Later that summer he headed to the US and a chance meeting with Adam Schmitt resulted in Yeah...No written and recorded during the same warm day at Adam’s house in Illinois. Back down under, Joe reminisces his northern adventures with new tracks, Endless Summer and Lonely With A Smile.
The highlight however, is the Beanstalk’s easy going beat to the serene Awkward and The Airport Song. So this is Everything Under The Sun, over 4 years in the making, in 5 different countries. Now it’s time to relax, listen and bring it all back home. Enjoy your weekend in the countryside too.
Joe Algeri is the mastermind behind one of the finest Aussie powerpop outfits of recent times, Jack & the Beanstalk. Significantly enough, the debut single from Jack and the Beanstalk was called Gram Parsons. Which explains why this solo odds and sods collection contains the purest strain of Cosmic Americana.
Apart from his wonderful taste in musical influences and inspirations (basically country-inflected pop), Algeri boasts a wicked lyrical wit, which certainly makes listening to his work that much more interesting. "I want to bite you, my apricot girl" (Apricot Girl), "You say you've never hit a woman/So why do you beat me on the inside?" (Lee Hazelwood), "There's no one here when I hold you down" (After the Rain), "You fuck me up you're so unreal" (Unreal) and "I thought you were a toy in just another one of my games" (Your Song) indicates Algeri's deft skill at turning a phrase.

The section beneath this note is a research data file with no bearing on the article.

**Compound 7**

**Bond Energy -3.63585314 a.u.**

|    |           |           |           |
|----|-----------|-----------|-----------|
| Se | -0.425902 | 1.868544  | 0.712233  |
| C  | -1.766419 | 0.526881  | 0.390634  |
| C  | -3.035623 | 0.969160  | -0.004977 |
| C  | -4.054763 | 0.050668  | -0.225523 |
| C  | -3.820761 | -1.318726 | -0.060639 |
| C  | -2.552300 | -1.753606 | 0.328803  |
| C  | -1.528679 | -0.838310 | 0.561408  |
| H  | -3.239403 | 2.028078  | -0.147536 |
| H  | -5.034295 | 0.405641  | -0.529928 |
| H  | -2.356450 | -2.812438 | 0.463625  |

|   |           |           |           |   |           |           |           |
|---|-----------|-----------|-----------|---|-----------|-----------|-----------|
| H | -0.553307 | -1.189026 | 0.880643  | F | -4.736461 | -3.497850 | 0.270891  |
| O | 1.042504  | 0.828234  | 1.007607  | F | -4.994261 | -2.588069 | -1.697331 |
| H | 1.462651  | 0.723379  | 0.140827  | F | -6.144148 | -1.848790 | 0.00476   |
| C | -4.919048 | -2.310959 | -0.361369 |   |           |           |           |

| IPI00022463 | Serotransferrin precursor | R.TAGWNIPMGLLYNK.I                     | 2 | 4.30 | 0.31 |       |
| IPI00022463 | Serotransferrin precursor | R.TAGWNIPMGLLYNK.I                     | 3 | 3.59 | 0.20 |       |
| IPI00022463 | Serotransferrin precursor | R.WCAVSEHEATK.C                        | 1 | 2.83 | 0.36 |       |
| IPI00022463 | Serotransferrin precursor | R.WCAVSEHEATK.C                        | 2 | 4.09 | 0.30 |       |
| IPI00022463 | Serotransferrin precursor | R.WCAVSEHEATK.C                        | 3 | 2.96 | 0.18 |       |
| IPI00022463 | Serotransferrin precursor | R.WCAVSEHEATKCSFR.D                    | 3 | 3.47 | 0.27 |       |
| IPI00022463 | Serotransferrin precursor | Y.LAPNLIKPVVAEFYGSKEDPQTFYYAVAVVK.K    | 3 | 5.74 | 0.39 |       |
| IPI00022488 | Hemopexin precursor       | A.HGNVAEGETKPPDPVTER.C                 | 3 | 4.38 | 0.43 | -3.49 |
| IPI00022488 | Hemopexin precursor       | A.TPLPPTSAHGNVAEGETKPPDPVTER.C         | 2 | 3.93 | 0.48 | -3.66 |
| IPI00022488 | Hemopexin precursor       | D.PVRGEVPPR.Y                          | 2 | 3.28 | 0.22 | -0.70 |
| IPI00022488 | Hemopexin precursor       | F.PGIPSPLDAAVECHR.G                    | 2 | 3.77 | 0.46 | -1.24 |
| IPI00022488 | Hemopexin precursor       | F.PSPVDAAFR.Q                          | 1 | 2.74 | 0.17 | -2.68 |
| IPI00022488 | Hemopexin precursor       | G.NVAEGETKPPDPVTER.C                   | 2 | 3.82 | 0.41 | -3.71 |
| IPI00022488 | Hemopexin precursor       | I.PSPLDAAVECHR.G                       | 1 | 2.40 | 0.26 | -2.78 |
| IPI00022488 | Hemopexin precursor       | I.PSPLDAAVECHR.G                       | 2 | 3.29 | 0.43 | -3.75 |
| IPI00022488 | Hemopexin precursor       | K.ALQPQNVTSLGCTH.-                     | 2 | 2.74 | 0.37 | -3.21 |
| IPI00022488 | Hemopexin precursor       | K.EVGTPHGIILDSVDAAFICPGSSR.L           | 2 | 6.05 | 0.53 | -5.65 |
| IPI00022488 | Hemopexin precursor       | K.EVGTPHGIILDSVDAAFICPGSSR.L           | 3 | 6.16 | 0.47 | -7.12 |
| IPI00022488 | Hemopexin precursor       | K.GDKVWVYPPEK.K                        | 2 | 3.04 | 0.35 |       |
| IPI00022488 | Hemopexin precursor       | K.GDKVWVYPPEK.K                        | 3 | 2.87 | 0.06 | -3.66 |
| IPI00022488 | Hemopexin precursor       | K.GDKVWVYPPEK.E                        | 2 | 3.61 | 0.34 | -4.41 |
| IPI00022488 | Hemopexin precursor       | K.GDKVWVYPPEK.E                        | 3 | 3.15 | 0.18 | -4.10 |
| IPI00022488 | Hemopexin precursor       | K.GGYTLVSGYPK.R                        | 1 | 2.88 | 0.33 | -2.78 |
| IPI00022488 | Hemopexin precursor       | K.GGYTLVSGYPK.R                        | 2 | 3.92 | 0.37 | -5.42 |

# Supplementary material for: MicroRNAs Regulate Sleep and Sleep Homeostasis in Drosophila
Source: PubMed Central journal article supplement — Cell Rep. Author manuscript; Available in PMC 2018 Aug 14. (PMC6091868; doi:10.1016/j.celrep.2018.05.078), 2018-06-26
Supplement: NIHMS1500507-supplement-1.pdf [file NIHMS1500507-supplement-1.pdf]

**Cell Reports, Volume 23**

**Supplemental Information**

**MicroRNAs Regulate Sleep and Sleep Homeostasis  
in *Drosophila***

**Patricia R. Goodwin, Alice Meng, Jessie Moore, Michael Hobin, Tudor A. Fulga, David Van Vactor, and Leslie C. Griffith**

Blend this with Algeri's more obvious tunesmithing prowess and the end product is an album of high quality country-folk songs that warrant closer scrutiny.
Kevin Mathews Power of Pop
Jack and the Beanstalk's front man and ex-stonemason Algeri presents his first solo CD, having previously released a couple of cassette-only sets. Everything Under The Sun is so named because as the sleeves states, it is made up of 'acoustic solitude, live demos and other silly things' - a comment which to say it sells the album short is the mother of all understatements.
With the possible exception of the Norwegian Wood pastiche Yeah...No (which was recorded with Adam Schmitt) this is a beautifully full and satisfying album. The arrangements are spare but never thin, and Algeri fills each song with a warmth and humanity that is both mellow and spirited.